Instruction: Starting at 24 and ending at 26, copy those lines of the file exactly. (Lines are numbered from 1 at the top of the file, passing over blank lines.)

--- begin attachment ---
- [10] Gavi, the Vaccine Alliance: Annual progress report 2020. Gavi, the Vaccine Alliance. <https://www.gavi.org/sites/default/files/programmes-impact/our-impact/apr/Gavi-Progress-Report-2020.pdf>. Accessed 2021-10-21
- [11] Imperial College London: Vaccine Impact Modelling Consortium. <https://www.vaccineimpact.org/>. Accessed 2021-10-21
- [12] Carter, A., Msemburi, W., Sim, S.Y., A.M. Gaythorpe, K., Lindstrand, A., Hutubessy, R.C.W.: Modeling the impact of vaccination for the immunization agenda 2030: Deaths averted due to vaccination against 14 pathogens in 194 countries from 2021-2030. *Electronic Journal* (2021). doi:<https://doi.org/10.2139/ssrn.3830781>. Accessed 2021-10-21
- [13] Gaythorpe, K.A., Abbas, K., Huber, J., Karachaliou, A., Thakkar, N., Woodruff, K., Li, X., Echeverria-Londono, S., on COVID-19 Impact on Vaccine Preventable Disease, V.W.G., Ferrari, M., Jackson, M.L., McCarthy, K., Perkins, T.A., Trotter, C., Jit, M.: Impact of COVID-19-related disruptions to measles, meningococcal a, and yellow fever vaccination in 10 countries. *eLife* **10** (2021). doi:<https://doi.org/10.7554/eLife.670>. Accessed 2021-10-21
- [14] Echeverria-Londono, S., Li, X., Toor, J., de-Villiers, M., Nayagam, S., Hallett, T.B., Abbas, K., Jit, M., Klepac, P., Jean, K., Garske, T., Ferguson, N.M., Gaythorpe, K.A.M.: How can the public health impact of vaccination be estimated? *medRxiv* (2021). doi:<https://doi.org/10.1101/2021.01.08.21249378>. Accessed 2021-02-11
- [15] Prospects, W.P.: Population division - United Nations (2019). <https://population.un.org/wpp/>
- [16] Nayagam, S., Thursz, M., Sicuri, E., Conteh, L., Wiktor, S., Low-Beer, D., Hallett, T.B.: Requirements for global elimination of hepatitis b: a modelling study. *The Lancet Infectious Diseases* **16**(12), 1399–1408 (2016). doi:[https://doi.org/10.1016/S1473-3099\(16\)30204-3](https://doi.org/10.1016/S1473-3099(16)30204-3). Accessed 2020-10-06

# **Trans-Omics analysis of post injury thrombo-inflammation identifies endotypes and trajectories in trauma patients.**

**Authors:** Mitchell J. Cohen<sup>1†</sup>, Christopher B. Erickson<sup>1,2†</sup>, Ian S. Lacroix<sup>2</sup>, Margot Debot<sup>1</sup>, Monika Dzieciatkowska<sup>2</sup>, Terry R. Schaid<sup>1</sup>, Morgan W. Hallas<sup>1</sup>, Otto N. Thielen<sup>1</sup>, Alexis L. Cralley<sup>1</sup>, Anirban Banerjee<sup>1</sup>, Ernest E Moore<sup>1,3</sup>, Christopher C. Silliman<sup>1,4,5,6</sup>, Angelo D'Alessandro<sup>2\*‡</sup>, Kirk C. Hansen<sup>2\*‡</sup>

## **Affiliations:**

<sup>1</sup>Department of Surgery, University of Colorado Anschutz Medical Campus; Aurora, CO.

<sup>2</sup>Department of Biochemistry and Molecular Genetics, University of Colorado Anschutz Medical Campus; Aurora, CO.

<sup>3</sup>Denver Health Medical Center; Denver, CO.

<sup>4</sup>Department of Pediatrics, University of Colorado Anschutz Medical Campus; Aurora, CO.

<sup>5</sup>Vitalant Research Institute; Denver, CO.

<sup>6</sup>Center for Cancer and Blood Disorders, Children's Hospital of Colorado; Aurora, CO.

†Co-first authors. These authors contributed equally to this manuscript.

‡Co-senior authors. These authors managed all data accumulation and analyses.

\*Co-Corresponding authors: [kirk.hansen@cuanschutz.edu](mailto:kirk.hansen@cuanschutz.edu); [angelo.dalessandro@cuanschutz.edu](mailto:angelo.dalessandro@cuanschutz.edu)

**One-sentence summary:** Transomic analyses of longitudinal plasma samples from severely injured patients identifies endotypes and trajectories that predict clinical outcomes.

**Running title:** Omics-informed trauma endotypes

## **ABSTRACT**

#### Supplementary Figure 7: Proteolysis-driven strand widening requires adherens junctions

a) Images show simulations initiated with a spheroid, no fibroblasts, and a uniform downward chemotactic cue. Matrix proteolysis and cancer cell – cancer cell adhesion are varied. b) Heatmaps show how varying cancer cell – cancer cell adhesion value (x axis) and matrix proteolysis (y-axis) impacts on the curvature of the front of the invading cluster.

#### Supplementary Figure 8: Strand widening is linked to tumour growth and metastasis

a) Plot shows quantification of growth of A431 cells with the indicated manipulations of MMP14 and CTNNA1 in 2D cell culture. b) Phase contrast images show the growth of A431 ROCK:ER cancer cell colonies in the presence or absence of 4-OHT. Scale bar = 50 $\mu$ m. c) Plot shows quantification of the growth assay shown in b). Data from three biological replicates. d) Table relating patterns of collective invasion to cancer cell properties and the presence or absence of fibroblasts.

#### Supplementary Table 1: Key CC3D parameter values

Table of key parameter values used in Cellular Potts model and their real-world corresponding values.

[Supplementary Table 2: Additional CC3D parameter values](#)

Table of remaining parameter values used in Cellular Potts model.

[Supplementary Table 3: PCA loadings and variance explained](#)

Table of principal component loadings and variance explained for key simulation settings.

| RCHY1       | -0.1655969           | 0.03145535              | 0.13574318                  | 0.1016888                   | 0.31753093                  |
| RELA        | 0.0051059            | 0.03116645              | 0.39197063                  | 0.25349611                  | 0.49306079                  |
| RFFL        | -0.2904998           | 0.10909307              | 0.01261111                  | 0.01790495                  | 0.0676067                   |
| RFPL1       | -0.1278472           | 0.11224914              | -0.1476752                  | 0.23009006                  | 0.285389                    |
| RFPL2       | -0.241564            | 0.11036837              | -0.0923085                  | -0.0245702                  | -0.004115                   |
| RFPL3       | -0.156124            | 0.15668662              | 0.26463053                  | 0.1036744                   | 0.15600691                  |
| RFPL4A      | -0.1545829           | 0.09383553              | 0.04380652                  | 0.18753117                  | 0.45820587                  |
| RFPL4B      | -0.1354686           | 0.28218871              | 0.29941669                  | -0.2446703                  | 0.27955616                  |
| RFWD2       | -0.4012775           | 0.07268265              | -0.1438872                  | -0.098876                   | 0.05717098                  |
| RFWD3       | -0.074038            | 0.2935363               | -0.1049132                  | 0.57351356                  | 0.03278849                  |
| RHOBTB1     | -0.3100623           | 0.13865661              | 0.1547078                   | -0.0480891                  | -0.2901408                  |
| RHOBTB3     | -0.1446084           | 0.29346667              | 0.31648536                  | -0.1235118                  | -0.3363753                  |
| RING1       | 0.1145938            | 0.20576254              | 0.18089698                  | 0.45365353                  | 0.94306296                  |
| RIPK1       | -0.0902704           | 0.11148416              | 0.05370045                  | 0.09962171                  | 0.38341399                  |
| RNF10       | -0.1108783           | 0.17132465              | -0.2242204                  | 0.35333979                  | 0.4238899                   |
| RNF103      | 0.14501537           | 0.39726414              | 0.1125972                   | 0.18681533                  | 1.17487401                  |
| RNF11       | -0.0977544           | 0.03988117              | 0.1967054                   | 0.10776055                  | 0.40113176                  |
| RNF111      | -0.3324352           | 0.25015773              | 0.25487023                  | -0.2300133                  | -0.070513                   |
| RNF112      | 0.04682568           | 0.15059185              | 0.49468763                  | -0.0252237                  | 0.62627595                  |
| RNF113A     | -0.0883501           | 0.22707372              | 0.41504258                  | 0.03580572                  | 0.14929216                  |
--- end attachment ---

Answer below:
a) Images show simulations initiated with a spheroid, no fibroblasts, and a uniform downward chemotactic cue. Matrix proteolysis and cancer cell – cancer cell adhesion are varied. b) Heatmaps show how varying cancer cell – cancer cell adhesion value (x axis) and matrix proteolysis (y-axis) impacts on the curvature of the front of the invading cluster.

#### Supplementary Figure 8: Strand widening is linked to tumour growth and metastasis

a) Plot shows quantification of growth of A431 cells with the indicated manipulations of MMP14 and CTNNA1 in 2D cell culture. b) Phase contrast images show the growth of A431 ROCK:ER cancer cell colonies in the presence or absence of 4-OHT. Scale bar = 50 $\mu$ m. c) Plot shows quantification of the growth assay shown in b). Data from three biological replicates. d) Table relating patterns of collective invasion to cancer cell properties and the presence or absence of fibroblasts.